How Fast Will the Pope Mobile Go?


The Pope is in the States for five days. He’s delivered Mass in several different locations, spoken to Congress, visited New York City, etc.

I’m not Catholic, but I do know that when Francis became Pope he gave up all his normal life. But what if while he was in the States, he called in for a sick day, and he and I could just hang out for that day?

If he weren’t sick, how could he call in for a sick day? That would be a lie. Wait a minute. He’s here in the States, and we would be using the U. S. government definition of a sick day which says you can take a sick day without being sick. And as long as Pope Francis has been at it, also taking into account the time before he became Pope, he probably has at least 2,000 sick days accumulated.

There would be another problem though. Whom would he call? He’s the top man in the Catholic world. Maybe he could call from one cell phone to another and leave himself a recorded message that he’s taking a sick day.

There’s one thing he and I couldn’t do, even though I imagine the thought has crossed his mind, and it sure has crossed mine. How fast will the Pope mobile go? With the Pope at the wheel and me in the passenger side, when the Pope floored it, and we went careening down Fifth Avenue, do you think any policeman would stop us for speeding? The Pope might even put three or four sinners in the back of the Pope mobile to see if their religion became mobilized during the harrowing ride through the streets of NYC. That couldn’t work. People would see us, and start to gather, and soon there would be 100,000 people blocking our way.

That 100,000 people wouldn’t bother Pope Francis. He’s used to large crowds. When he speaks from the balcony at the Vatican, on a good day down below there must be a 1,000,000 people.

No, if the Pope and I were hanging out for a day, we’d try to fit in, and not arouse suspicion. Naturally I couldn’t let the Pope out in his religious robes, so I’d have to come up with a suit and a plain tie that wouldn’t be noticed, a hat, and some sunglasses.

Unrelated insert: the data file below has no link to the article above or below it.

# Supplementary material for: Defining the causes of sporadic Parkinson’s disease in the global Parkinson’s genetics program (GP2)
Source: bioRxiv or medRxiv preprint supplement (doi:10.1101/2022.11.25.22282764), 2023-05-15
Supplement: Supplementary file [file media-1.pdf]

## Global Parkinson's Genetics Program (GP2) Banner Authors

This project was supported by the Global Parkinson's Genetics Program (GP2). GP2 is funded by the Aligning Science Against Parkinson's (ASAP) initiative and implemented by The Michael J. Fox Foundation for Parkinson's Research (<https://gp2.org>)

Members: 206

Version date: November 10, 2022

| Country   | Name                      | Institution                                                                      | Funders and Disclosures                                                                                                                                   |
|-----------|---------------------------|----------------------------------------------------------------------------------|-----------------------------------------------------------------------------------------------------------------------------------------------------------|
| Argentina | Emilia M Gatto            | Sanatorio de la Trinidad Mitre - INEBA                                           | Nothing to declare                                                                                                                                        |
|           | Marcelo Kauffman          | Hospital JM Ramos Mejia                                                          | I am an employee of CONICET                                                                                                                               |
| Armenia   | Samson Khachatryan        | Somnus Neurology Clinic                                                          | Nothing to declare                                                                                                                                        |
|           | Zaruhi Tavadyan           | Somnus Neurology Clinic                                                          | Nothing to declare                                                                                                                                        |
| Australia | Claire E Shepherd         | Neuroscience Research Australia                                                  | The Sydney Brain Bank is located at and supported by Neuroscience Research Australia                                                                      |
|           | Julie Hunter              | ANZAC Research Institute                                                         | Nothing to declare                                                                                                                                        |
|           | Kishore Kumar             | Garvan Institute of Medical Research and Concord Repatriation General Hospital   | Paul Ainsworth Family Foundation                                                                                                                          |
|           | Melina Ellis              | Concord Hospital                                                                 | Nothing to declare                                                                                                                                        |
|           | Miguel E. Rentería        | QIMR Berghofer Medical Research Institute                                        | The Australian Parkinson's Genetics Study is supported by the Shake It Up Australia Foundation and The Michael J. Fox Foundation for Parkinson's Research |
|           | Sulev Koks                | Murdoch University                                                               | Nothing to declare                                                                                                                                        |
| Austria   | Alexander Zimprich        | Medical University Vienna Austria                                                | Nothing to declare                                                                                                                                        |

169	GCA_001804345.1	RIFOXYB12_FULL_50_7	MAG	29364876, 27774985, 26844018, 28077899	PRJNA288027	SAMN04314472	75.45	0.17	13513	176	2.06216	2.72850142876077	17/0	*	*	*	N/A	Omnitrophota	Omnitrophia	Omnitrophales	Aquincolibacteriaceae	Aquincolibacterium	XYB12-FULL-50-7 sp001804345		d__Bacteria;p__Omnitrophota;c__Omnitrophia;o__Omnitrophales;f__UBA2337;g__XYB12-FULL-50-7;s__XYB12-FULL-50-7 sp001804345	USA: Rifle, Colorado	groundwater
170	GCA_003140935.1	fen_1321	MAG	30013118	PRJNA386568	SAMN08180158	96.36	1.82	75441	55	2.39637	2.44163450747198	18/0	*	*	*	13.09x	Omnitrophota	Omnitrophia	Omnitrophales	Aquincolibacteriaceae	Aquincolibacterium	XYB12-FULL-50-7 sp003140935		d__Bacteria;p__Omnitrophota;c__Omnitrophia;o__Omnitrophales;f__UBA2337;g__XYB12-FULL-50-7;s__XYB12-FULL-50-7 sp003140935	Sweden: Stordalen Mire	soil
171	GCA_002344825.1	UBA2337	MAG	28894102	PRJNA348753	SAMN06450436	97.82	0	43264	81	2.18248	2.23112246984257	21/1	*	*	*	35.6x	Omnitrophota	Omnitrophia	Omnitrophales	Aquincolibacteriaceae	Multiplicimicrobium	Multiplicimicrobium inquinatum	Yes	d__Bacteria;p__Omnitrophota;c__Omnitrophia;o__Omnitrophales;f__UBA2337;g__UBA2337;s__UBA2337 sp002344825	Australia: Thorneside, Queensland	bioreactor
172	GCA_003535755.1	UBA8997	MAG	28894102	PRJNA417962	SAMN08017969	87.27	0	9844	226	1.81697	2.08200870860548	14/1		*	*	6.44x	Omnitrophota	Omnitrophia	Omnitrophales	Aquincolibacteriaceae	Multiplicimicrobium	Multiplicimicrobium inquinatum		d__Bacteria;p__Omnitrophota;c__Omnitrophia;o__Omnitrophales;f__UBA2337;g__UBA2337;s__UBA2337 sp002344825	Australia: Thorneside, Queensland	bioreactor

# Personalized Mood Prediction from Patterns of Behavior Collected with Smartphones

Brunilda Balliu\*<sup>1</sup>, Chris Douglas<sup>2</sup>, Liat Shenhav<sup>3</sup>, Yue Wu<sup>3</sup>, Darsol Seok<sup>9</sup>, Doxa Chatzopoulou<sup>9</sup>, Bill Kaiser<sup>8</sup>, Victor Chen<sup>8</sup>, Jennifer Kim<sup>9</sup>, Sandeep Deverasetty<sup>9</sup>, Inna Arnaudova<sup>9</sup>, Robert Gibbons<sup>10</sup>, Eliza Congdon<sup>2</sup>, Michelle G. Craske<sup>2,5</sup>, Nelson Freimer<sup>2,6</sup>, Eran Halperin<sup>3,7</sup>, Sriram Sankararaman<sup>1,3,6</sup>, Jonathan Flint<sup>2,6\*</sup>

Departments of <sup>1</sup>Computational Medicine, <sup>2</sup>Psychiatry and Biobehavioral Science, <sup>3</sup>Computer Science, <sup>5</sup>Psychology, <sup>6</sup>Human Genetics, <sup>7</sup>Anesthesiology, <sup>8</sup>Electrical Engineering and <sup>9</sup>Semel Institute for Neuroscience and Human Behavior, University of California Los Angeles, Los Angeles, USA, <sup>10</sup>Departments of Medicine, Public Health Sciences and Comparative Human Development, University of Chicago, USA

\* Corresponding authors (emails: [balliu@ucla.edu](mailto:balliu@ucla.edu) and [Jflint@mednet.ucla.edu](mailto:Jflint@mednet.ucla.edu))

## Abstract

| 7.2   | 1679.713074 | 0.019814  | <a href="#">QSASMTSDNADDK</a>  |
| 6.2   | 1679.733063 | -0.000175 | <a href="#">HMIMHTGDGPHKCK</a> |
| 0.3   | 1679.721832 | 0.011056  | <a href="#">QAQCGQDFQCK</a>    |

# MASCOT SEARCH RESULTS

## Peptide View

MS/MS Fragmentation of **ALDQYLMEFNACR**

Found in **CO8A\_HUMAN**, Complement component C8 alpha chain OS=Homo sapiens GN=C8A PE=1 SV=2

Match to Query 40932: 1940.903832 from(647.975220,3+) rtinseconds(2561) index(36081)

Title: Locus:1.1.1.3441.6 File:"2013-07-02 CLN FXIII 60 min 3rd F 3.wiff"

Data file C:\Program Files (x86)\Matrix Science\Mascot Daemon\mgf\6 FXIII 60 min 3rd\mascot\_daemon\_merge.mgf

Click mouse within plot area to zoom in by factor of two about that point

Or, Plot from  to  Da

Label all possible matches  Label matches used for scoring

First thing we’d go by Krispy Kreme for doughnuts and coffee. We’d probably get a few glances, and maybe somebody would come over, and say Pope Francis reminded them of Pope Francis. I would already have warned the Pope that we would not use Francis in public, because that would be a giveaway that he was Pope Francis, and also that Francis is not used that often anymore for a man’s name. I’d call him Frank. When the person identifying him as Pope Francis was waiting for confirmation, both Frank and I would laugh, which I’m sure Pope Francis (Frank) probably hasn’t done for some time, unless his assistant has a good joke to tell him about eleven o’clock before he goes to bed, and nobody but he and his assistant will see him laughing.

I’d also caution Pope Francis to let me do the talking because someone might recognize his voice.

To further enhance the misidentification in Krispy Kreme, after Pope Francis and I had laughed, I would have said, “Gee Frank, how many times have people told you you look like Pope Francis, and we both know that at this very moment Pope Francis is giving a Mass ten blocks away?” The person would walk away disappointed.

Of course we would want to know what people thought of the Pope, and as we were walking down the street, I would stop a bunch of ladies to ask them in Pope Francis’ presence. You have to remember some of the street interviews I’ve seen on TV, and I couldn’t expect these to be any different. In answer to a question that I asked about what they thought of Pope Francis, one of the lady’s would probably say, “He’s very religious.” Another might say, “In the summertime, doesn’t he get hot in all of those clothes?” When I asked one of them what she thought about comments that he made, she would probably say, “I turned off the TV when he came on.”

With that last comment, I would ask Frank (Pope Francis) to take off his sunglasses, and the one or two ladies in the group who were Catholic would recognize him, and all of them would go screaming down the street, while Frank and I ducked into an alley to avoid the notoriety.

For lunch we’d go for a hot dog from one of the street vendors. I believe Catholics eat fish on Friday, so I would want this to be another day than Friday, so Frank could eat a hot dog. Here again Frank would probably get a glance or two, and someone would come up to him, and say, “Aren’t you the actor Michael Constantine?” I’d shrug it off by saying, “Frank, that’s the first time you’ve been accused of looking like an actor.”

We’d be walking around in downtown NYC for a while until we caught an early supper at the actor Paul Sorvino’s restaurant. I have no doubt somebody would come up to Frank with his sunglasses on, and ask him if he were Paul Sorvino. Naturally Paul Sorvino would be in his restaurant, and come up and say he was Paul Sorvino, and that Frank was not Paul Sorvino and that Frank looked like the Pope.”

This would all be a preplanned ruse with Paul Sorvino and his daughter Mira, because then she would walk up, and say Frank was Paul Sorvino, and that the person identifying himself as Paul Sorvino was an imposter.

The person who originally thought Frank was Pope Francis would be so confused, Paul Sorvino would offer him a free meal for his group of four, and everybody would be happy.

In keeping with the identity situation, as we left the restaurant, Frank would stop at the person who came over to our table in the first place, take off his glasses, and Bless all four people, where upon all four of them would realize he was indeed Pope Francis.

Just an ordinary day with an extraordinary person. I think Pope Francis might enjoy that.

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